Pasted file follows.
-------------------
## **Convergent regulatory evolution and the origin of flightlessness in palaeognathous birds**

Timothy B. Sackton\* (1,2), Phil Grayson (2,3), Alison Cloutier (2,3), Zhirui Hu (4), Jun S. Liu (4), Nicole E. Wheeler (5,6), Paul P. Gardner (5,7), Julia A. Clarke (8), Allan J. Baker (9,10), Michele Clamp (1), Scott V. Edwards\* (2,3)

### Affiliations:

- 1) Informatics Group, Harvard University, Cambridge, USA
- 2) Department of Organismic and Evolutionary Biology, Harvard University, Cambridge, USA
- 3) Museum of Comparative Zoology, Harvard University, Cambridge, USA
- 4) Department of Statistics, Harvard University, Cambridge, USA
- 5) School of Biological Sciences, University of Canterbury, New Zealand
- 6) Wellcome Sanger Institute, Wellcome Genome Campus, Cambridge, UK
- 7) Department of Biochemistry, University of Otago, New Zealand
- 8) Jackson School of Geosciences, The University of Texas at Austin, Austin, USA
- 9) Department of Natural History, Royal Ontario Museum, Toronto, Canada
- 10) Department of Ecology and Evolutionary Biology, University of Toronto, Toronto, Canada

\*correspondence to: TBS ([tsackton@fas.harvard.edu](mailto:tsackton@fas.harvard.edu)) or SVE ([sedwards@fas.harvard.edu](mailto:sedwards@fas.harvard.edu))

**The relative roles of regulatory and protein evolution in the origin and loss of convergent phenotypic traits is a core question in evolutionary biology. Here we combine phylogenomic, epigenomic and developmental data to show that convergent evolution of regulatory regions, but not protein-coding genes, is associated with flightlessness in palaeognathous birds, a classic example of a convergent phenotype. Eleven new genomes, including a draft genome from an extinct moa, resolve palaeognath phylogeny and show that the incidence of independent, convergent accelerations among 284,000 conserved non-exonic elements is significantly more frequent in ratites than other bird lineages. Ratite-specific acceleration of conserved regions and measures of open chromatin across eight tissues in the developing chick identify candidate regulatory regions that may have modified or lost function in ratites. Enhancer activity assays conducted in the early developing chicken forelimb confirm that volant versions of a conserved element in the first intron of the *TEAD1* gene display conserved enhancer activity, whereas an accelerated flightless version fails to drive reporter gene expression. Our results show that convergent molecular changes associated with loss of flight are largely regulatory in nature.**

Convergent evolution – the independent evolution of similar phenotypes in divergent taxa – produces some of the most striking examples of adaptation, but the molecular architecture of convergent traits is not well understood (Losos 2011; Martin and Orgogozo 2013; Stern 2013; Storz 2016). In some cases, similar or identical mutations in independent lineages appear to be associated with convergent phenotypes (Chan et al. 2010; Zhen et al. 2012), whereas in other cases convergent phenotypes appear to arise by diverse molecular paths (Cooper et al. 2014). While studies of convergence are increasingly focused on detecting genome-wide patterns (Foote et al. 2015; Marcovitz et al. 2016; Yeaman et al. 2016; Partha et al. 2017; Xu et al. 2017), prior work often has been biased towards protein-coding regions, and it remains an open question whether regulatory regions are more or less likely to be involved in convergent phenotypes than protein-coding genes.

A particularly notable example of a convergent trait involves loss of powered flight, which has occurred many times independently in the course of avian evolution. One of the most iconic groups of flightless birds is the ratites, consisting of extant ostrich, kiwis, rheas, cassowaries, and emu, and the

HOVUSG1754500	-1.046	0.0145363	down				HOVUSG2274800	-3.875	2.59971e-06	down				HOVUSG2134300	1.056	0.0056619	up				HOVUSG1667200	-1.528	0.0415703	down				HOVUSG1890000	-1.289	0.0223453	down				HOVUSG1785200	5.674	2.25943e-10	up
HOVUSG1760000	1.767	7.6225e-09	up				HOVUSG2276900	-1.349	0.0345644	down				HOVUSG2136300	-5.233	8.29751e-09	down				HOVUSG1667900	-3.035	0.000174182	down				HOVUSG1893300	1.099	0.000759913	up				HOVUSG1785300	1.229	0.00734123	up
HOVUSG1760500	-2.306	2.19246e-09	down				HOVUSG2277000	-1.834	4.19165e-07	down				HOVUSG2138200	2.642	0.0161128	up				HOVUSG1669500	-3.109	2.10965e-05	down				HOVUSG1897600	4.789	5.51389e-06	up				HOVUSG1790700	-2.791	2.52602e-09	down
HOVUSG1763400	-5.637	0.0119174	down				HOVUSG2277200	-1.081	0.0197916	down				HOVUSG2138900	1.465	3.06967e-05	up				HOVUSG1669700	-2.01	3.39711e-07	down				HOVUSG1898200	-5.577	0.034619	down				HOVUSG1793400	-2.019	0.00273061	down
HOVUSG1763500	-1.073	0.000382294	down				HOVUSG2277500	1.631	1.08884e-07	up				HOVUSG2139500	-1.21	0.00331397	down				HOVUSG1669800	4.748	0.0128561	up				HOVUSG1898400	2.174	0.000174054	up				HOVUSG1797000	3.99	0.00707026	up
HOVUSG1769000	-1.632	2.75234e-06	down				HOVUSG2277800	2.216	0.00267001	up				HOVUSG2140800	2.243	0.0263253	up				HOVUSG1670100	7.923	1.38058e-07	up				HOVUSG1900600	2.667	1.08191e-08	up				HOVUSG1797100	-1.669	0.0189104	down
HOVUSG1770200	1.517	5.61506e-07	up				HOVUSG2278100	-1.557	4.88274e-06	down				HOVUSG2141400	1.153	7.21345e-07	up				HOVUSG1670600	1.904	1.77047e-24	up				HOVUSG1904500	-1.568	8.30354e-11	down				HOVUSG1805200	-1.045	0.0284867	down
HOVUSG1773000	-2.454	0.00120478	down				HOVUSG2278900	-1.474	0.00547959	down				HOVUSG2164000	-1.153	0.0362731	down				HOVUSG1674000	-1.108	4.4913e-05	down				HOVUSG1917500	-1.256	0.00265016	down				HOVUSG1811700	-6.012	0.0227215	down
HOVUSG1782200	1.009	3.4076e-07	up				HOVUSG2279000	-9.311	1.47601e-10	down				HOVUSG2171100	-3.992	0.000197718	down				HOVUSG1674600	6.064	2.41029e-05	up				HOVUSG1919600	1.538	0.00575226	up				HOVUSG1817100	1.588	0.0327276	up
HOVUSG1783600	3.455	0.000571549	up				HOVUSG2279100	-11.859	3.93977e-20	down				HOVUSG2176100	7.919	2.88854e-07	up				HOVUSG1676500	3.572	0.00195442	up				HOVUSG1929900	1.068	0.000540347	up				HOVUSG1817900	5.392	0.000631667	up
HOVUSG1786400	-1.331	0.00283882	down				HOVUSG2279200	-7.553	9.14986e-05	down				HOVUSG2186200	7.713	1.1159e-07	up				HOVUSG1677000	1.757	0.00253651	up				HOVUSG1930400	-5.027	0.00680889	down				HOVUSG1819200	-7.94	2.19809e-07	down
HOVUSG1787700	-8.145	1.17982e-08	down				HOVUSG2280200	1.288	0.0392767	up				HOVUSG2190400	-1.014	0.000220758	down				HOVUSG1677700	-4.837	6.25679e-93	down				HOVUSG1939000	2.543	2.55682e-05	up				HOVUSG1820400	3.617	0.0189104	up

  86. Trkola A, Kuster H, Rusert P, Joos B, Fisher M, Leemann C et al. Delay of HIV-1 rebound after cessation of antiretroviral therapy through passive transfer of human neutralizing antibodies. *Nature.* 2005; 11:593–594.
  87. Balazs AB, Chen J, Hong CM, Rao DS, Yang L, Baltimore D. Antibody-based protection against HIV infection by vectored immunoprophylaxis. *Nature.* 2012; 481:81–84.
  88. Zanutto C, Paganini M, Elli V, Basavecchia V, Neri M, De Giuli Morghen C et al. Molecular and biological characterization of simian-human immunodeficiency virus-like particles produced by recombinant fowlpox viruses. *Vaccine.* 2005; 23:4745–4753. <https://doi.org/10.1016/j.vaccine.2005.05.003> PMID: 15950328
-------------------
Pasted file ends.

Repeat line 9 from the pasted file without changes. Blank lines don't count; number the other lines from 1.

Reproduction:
- 6) Wellcome Sanger Institute, Wellcome Genome Campus, Cambridge, UK